Natural inclination these days is to go with a variety of sink-tips to get your metalhead. I did that last year on Idaho’s Clearwater River and hooked four fish from one pool and then thought, I wonder if they would have taken a dry? Are you kidding me? Hell yes, they would have eaten a dry.
I say that because I was on the Dean River in July and I almost passed up the opportunity to throw a skater but I finally tied it on and promptly missed two fish. Ok, so maybe I wouldn’t have raised those fish on the Clearwater but I have this feeling they would have eaten on the top. When I hit the Clearwater in September and October I’m going to throw a skater, probably Peter Crow’s Drag ‘n Fly, and see what happens. Crow is a steelhead junkie and a sunglasses expert. He spends a lot of time on Northwest steelhead streams and he shared his favorite steelhead fly with us. Here you go?
Hometown: Ketchum, Idaho
What is your favorite steelhead pattern, given decent conditions? Orange Drag ‘n Fly, size-6.
Why do you like it? Because you have confidence in it from previous hookups, or because it does something specific in the water?
It’s a surface skater so the fly adds a fun visual element to steelhead fishing. At times it kicks around on the surface, moves sideways and pops up a small amount of water. The stiff moose hair wings help plane the fly up onto the surfacefilm when under tension. Takes and boils are a blast to see.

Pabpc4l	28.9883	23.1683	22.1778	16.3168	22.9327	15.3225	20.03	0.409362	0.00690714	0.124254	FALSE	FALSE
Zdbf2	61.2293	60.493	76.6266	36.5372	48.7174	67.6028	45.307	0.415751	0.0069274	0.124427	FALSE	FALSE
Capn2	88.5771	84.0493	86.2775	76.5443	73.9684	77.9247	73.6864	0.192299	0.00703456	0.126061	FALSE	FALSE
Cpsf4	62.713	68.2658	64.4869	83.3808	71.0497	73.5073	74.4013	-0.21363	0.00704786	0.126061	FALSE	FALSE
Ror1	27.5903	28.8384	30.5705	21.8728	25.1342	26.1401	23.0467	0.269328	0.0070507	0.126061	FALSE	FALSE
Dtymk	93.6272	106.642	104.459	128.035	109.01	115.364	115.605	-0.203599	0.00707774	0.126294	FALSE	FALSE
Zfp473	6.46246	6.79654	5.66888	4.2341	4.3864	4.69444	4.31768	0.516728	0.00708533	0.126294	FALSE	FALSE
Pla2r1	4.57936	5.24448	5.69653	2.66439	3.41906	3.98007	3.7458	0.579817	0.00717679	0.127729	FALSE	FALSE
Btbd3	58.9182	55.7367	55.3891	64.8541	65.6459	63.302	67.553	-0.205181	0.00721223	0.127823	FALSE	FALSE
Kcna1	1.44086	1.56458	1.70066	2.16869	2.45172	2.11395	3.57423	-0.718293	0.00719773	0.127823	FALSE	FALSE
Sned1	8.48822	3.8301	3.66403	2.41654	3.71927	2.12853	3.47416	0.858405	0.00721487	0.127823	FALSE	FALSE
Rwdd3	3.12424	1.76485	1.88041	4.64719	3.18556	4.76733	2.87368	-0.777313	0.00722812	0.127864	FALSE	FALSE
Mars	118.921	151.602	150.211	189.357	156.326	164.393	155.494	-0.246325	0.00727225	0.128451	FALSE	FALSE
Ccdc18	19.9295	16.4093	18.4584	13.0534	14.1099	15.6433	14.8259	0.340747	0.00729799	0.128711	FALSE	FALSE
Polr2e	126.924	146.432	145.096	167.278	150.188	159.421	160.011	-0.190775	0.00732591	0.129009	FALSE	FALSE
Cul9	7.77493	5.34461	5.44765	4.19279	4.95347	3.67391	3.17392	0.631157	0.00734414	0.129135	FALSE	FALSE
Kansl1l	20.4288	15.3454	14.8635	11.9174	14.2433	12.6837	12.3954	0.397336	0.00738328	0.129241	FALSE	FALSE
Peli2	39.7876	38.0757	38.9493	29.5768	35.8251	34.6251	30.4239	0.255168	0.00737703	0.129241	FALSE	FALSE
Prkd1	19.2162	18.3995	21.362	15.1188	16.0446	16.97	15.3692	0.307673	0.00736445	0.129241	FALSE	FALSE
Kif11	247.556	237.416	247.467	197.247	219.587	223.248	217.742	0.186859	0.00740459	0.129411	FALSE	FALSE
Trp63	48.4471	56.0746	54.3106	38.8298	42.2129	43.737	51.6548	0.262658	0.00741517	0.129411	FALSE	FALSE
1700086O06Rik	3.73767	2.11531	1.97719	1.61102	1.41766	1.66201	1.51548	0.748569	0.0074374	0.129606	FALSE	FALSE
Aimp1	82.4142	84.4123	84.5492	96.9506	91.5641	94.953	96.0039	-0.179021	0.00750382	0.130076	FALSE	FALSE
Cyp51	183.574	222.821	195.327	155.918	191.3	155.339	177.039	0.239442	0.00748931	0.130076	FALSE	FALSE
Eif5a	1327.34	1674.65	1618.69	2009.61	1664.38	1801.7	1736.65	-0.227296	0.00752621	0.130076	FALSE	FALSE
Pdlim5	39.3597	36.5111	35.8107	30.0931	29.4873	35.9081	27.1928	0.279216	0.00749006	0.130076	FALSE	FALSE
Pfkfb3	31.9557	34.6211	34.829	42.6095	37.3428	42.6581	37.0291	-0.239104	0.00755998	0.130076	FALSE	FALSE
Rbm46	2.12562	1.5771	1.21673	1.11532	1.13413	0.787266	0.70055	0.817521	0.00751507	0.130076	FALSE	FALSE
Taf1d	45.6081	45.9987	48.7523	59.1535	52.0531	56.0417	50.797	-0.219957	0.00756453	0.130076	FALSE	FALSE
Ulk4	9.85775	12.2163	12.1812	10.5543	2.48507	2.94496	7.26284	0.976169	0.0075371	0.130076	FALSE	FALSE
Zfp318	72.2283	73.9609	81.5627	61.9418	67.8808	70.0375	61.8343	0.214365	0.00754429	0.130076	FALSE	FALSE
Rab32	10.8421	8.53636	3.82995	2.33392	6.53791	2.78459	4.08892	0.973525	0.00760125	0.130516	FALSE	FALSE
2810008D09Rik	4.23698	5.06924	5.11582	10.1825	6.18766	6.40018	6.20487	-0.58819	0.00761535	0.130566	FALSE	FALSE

How do you fish it? On the swing, dead-drift, or stripped? Swinging.Tie this on. Fish the Drag ‘n Fly in September and October on the Clearwater. Expect big eats.” width=”680″ height=”481″ />Tie this on. Fish the Drag ‘n Fly in September and October on the Clearwater. Expect big eats.
Which type of water does it fish best in? It works in most types of water where there is decent water clarity.
Most memorable fish on that fly? Actually, two of them because they were both in the same run. I’m partial, actually stuck on this fly because the first time I used it on the Clearwater (River) in 1981—and this was the first time I ever attempted skating a fly or using a dry line—I caught and landed a fish on my first cast. I was in disbelief. I also caught my largest fish on a skated dry in the same run on the same fly.
What’s your best backup pattern, the one you turn to if the aforementioned fly doesn’t produce? An orange or green fly I call a Hi-Lighter. It’s a simple fly tied with edge bright. I don’t know if it has another name or where it originated, but I received it one fall, probably around 1995, from a young fly tyer at the Kelly Creek Flyfishers fly fair in Clarkston, Washington. Wish I knew whom this kid was, because I owe him thanks for plenty of steelhead to that fly. You can fish the Hi-Lighter in any size, but on the rivers I often fish, a size-6 is perfect. Occasionally I go up or down one size.
What is the ideal river, again given prime conditions, to fish that fly? Or, what is the prime region to fish that fly? Both of these flies get fished in the Lewiston, Idaho area and on the surrounding waters. It’s best in fairly clear water, with a dry line and water temperatures ranging between 48 and 65 degrees. The rest is up to you.